Sundance 2015: What’s in a (generic) movie title?
If you’re feeling a little Unexpected and want to get Results, perhaps you should consider coming to Sundance?
Movies at this prestigious festival used to have distinct, muscular names. “Reservoir Dogs.” “sex, lies and videotape.” “Napoleon Dynamite.” Or, at least, twee ones you couldn’t get out of your head, like “Little Miss Sunshine.”
But this year a great majority of the titles are weak, generic affairs. “Unexpected.” “Results.” “Advantageous.” “The Overnight.”
So interchangeable have these names become that trying to identify movies by them alone has become pointless, and can even border on an Abbott and Costello routine.
A variation of this conversation actually happened earlier this week.
“‘Tangerine.’ Is that the Adam Scott penis-joke movie?”
“No, it’s the transgender movie. The one you’re thinking of is ‘The Overnight.’”
“I thought ‘The Overnight’ was the Blythe Danner-finds-love movie.”
“No, that’s ‘I’ll See You in My Dreams.”
“Isn’t that the sleep paralysis movie?”
“No that’s ‘The Nightmare.’”
It’s all starting to become a little nightmarish.
James Franco has two narrative movies at the fest (on the low end for him). They are called “True Story” and “I Am Michael,” words so unique they are being uttered at corporate retreats as you read this.
All over the country, teenage girls write in diaries. So why not a movie called “The Diary of a Teenage Girl”?
Sarah Silverman makes a bold new statement about her acting trajectory with a movie called “I Smile Back” (who doesn’t?). And Jack Black does the same with “The D-Train,” a name that suggests the exciting experience of a commuter trip to Bensonhurst.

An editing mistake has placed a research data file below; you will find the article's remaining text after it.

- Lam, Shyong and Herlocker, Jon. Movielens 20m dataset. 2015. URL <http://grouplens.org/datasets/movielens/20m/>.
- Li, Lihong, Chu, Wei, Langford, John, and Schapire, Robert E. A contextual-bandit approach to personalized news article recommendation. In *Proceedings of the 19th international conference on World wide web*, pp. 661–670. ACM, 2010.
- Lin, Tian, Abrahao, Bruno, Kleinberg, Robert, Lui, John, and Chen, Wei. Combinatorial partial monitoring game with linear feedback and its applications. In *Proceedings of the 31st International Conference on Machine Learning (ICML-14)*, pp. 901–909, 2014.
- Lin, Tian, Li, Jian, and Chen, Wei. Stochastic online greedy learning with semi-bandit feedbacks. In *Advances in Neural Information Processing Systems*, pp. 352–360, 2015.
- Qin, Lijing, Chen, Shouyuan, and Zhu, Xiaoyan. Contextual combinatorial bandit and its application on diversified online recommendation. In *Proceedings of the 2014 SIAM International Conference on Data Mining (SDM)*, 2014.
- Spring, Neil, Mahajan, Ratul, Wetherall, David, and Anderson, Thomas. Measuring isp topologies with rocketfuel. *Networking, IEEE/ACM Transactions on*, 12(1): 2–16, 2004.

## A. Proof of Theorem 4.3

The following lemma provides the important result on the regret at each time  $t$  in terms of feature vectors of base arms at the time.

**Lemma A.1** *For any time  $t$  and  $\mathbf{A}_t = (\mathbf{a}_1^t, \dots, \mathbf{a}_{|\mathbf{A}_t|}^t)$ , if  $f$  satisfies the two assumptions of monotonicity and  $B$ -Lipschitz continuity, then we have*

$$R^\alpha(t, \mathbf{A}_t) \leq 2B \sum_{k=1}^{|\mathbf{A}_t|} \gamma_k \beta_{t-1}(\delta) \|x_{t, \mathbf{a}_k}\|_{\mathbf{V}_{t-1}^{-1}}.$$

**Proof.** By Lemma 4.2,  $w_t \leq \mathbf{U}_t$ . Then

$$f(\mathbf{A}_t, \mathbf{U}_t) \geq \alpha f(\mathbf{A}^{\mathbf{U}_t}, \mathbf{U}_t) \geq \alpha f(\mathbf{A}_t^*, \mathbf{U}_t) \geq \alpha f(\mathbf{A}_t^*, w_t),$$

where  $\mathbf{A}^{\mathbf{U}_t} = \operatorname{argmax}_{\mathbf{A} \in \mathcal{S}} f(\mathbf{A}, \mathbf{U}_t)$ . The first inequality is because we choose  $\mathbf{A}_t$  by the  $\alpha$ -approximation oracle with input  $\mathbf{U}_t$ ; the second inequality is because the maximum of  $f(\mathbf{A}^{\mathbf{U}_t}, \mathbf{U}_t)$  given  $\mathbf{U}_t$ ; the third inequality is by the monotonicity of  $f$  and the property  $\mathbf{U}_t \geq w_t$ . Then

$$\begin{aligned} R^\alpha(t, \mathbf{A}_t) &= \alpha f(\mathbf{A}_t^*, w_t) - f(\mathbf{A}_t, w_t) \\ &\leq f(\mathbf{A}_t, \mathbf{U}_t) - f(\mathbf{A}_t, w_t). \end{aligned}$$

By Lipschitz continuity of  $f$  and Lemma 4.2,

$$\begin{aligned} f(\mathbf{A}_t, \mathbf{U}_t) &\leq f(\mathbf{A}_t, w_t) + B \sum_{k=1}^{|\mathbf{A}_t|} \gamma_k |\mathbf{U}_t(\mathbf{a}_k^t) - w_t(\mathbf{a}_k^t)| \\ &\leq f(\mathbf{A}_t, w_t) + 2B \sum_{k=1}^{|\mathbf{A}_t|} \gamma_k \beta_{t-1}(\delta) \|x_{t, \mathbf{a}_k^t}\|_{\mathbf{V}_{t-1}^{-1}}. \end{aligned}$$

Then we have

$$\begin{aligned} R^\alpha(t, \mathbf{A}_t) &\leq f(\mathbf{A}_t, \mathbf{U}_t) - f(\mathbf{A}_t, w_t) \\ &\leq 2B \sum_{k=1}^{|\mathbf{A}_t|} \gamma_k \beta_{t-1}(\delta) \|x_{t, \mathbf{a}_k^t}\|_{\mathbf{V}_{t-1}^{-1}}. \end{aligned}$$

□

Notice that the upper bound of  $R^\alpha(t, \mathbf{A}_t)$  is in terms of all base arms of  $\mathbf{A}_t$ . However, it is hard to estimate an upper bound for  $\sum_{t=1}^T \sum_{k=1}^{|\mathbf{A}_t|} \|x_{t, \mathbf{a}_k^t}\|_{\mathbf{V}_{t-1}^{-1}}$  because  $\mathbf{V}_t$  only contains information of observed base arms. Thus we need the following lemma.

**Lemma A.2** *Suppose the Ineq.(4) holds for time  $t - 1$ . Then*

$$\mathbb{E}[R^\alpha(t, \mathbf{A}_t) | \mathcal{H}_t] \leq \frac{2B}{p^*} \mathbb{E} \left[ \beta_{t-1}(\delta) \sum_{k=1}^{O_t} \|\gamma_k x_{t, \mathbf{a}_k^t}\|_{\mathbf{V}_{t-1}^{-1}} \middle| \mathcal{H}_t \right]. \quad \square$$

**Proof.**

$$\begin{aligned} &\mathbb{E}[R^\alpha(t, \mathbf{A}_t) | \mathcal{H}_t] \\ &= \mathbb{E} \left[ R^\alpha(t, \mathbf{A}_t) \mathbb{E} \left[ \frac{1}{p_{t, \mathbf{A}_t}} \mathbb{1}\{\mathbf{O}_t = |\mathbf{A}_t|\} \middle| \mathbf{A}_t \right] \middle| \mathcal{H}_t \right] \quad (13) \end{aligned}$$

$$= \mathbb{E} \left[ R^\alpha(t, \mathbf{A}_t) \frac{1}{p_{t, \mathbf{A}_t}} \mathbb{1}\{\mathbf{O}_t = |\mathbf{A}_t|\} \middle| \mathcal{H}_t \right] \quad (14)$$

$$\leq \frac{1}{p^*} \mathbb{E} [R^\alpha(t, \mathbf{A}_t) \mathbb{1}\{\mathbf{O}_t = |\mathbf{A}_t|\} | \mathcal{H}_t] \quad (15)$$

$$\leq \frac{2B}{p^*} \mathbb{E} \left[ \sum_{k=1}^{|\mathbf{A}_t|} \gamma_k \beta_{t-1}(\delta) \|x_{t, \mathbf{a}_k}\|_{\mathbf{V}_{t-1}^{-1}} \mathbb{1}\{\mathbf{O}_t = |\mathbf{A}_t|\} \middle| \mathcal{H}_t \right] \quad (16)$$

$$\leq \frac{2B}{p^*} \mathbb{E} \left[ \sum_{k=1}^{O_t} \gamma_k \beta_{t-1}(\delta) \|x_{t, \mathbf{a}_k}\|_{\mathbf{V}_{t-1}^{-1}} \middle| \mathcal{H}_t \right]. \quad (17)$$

At least filmmakers on that one could be bothered for some specificity. One of the festival’s breakouts, a period love story starring Saiorse Ronan, is simply titled “Brooklyn.”
Perhaps this is an outlier? Maybe other independent movies and festivals bring back the art of the cool title?
If only. Last year’s Sundance saw the emergence of Zach Braff’s “Wish I Was Here.” It was not to be confused with the Toronto films “This Is Where I Leave You” or the equally unrevealing “While We’re Young,” although it does leave open the possibility of a shared-universe movie in which someone might “Wish This Is Where I Leave You While We’re Young.”
Folks, this is an industry out of ideas. The filmmaker James Strouse actually named his movie “People, Places, Things.” His title encompasses every known object in the human universe.
But at least it focuses on humans. Bipeds get short shrift in another batch of titles at this year’s Sundancewith “The Wolfpack,” “The Beaver Trilogy” and “The Russian Woodpecker.” None are actually about animals. But I suspect they can all be watched in the overnight.
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